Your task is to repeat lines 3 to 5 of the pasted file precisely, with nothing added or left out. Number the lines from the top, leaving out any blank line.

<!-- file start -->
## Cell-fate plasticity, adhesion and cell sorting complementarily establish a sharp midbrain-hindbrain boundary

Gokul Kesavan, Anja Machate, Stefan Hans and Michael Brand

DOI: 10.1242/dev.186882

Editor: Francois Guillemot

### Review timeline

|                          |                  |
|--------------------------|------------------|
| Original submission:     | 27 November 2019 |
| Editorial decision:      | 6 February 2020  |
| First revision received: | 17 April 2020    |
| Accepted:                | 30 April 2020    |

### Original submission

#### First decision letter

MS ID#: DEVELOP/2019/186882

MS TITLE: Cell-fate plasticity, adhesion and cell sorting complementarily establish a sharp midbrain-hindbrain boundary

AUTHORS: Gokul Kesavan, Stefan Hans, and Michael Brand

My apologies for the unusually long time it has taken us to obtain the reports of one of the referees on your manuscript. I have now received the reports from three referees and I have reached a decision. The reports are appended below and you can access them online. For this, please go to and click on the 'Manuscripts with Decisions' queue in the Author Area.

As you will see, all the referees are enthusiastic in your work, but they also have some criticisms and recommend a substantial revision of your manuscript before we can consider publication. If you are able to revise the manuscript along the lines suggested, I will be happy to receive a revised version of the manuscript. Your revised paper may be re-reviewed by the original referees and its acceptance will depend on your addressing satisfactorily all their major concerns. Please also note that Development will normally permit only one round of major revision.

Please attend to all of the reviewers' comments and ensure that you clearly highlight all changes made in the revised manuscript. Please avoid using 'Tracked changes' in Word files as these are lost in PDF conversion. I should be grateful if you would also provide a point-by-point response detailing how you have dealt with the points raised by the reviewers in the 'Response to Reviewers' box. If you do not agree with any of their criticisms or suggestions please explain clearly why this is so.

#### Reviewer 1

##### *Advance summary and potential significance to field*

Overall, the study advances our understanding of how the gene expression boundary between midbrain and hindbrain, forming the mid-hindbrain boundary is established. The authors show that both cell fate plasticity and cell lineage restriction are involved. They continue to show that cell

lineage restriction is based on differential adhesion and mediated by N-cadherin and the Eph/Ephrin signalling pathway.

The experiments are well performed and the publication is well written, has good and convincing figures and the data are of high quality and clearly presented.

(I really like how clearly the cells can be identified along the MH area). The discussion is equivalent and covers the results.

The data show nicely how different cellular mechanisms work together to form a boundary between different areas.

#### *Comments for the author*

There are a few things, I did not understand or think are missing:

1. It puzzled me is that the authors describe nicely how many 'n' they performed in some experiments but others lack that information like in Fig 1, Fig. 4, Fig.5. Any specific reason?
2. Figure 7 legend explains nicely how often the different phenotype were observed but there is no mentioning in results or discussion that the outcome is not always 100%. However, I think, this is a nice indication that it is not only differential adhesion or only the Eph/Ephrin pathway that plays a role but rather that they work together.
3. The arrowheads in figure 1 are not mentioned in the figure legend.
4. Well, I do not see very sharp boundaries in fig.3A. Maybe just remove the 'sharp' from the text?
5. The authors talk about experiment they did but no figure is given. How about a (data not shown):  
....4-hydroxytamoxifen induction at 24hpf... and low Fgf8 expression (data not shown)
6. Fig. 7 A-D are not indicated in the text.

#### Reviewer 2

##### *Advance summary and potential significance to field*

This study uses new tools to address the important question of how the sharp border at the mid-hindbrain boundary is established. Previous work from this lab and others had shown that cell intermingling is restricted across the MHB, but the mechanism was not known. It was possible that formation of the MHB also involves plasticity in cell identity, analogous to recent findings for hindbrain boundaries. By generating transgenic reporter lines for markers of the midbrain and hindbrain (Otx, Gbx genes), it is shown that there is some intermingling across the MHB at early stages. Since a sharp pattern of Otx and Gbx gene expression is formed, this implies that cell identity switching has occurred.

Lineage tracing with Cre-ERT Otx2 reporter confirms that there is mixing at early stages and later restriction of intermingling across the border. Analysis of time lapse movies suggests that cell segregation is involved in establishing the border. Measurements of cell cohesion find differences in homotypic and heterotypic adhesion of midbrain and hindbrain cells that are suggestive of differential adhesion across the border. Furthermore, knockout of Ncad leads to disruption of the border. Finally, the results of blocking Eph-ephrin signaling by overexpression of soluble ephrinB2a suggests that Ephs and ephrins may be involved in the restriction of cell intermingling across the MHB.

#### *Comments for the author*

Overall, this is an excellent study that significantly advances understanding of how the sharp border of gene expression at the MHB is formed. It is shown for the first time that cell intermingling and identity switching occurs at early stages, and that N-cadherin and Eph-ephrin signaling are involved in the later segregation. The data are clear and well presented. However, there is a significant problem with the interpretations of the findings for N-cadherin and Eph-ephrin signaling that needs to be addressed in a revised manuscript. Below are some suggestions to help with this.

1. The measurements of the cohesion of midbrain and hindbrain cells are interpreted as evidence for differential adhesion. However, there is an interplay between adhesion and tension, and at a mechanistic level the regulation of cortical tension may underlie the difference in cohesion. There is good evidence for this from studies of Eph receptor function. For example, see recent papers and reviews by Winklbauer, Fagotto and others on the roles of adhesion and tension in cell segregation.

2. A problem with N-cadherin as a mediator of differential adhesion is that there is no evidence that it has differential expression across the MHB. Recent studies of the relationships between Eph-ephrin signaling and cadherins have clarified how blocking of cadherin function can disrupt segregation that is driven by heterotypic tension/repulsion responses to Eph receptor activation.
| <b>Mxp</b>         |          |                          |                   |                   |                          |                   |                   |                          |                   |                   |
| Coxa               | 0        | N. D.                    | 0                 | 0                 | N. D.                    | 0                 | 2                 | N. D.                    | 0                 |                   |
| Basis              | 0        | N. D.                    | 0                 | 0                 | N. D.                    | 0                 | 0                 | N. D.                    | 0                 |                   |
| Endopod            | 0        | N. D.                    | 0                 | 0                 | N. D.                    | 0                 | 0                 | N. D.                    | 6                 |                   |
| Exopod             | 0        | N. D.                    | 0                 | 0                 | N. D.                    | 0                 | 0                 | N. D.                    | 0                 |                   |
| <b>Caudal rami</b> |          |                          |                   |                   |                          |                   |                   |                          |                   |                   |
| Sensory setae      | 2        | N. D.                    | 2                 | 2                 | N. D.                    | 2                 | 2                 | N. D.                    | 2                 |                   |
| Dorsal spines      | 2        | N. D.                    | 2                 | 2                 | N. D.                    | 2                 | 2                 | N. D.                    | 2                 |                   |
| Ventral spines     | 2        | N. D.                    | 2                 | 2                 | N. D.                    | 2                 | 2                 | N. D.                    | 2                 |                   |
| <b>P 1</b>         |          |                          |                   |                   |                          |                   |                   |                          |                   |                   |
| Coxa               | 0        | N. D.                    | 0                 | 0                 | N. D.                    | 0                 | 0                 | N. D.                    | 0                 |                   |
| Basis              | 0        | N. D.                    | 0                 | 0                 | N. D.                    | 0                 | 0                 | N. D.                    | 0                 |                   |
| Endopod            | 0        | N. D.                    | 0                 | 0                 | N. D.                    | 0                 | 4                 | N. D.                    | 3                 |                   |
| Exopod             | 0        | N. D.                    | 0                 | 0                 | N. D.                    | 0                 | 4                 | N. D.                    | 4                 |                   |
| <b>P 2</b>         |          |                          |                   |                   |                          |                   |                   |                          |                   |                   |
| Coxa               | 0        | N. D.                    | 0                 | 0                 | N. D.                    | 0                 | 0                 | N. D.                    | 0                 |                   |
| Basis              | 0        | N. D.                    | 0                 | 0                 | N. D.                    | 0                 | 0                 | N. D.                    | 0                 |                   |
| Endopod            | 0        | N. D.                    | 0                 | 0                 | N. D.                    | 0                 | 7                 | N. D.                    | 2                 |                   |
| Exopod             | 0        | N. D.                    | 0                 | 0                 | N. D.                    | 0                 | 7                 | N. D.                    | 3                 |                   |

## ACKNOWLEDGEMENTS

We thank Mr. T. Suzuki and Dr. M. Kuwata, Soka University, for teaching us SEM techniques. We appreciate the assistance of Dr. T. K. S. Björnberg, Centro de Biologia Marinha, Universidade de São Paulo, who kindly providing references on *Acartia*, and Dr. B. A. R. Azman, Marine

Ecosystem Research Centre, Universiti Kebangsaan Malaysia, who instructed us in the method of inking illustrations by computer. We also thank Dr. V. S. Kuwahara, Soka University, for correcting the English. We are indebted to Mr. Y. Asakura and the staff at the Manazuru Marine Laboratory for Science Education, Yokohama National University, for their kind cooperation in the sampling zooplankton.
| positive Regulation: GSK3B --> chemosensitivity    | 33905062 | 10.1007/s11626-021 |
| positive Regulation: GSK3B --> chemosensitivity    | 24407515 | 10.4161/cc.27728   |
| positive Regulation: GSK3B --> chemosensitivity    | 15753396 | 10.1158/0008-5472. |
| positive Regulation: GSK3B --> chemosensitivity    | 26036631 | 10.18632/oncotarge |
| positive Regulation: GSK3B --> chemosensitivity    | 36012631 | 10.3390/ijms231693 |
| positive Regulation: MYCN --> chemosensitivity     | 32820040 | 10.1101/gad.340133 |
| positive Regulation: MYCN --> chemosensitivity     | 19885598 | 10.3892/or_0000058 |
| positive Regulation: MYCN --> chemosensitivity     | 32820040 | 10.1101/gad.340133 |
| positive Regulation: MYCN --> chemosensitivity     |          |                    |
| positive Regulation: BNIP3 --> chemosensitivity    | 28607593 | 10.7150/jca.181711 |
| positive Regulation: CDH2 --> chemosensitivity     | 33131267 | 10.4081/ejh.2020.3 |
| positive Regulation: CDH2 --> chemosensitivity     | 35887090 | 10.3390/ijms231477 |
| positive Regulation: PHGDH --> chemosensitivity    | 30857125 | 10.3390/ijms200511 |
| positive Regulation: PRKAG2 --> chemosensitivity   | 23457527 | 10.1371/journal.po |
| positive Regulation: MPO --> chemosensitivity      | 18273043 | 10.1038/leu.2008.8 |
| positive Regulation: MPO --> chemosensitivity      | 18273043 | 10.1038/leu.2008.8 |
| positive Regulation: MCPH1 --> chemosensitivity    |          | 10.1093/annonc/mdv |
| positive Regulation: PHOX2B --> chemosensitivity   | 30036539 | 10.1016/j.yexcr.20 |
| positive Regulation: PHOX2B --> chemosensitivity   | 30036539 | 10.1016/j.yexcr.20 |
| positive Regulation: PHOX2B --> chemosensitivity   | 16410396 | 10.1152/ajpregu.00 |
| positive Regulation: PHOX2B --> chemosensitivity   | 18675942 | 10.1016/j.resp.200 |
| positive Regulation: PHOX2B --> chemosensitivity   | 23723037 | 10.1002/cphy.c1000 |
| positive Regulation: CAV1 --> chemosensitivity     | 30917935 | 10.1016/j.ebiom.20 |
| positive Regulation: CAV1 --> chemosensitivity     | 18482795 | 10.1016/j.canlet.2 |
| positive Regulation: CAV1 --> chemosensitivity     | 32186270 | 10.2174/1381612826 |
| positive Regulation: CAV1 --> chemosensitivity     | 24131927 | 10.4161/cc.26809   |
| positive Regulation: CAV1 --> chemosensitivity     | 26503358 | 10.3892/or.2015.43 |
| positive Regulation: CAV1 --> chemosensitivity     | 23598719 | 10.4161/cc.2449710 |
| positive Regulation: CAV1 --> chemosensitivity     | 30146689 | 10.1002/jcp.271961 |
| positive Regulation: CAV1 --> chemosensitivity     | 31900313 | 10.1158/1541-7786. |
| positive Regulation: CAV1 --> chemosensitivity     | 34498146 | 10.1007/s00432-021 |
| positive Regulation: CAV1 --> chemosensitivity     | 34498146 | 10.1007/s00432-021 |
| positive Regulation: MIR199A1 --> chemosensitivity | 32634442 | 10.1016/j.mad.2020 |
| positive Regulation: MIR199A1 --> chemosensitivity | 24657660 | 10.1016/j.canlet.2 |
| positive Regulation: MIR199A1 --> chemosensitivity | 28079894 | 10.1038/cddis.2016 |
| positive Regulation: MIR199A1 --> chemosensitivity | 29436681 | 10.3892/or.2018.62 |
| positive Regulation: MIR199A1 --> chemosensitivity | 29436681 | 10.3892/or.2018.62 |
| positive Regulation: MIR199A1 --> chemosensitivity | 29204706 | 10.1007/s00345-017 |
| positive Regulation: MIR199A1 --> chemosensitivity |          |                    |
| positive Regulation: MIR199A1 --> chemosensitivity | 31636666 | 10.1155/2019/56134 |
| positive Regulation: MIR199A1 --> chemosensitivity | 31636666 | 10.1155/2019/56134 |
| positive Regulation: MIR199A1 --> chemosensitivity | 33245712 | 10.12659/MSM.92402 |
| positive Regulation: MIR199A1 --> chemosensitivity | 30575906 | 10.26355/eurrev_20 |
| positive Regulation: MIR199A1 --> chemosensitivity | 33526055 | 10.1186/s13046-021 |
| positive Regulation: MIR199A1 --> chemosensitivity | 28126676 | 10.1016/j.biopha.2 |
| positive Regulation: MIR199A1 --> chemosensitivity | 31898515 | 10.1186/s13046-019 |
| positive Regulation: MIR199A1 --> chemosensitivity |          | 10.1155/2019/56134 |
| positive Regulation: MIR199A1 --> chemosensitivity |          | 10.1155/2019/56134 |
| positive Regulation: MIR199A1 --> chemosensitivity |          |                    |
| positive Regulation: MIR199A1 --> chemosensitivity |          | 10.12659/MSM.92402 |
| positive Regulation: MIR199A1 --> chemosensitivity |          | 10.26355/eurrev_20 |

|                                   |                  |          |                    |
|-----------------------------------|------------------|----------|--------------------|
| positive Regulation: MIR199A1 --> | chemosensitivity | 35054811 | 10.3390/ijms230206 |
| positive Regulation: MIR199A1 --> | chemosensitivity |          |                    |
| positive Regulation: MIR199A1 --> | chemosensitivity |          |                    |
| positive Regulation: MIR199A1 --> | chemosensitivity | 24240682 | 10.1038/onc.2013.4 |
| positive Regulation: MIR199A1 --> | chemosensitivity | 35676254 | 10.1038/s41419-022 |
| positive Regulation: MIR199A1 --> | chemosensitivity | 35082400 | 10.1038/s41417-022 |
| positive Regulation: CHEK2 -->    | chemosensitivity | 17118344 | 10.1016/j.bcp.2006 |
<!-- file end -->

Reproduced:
DOI: 10.1242/dev.186882

Editor: Francois Guillemot

### Review timeline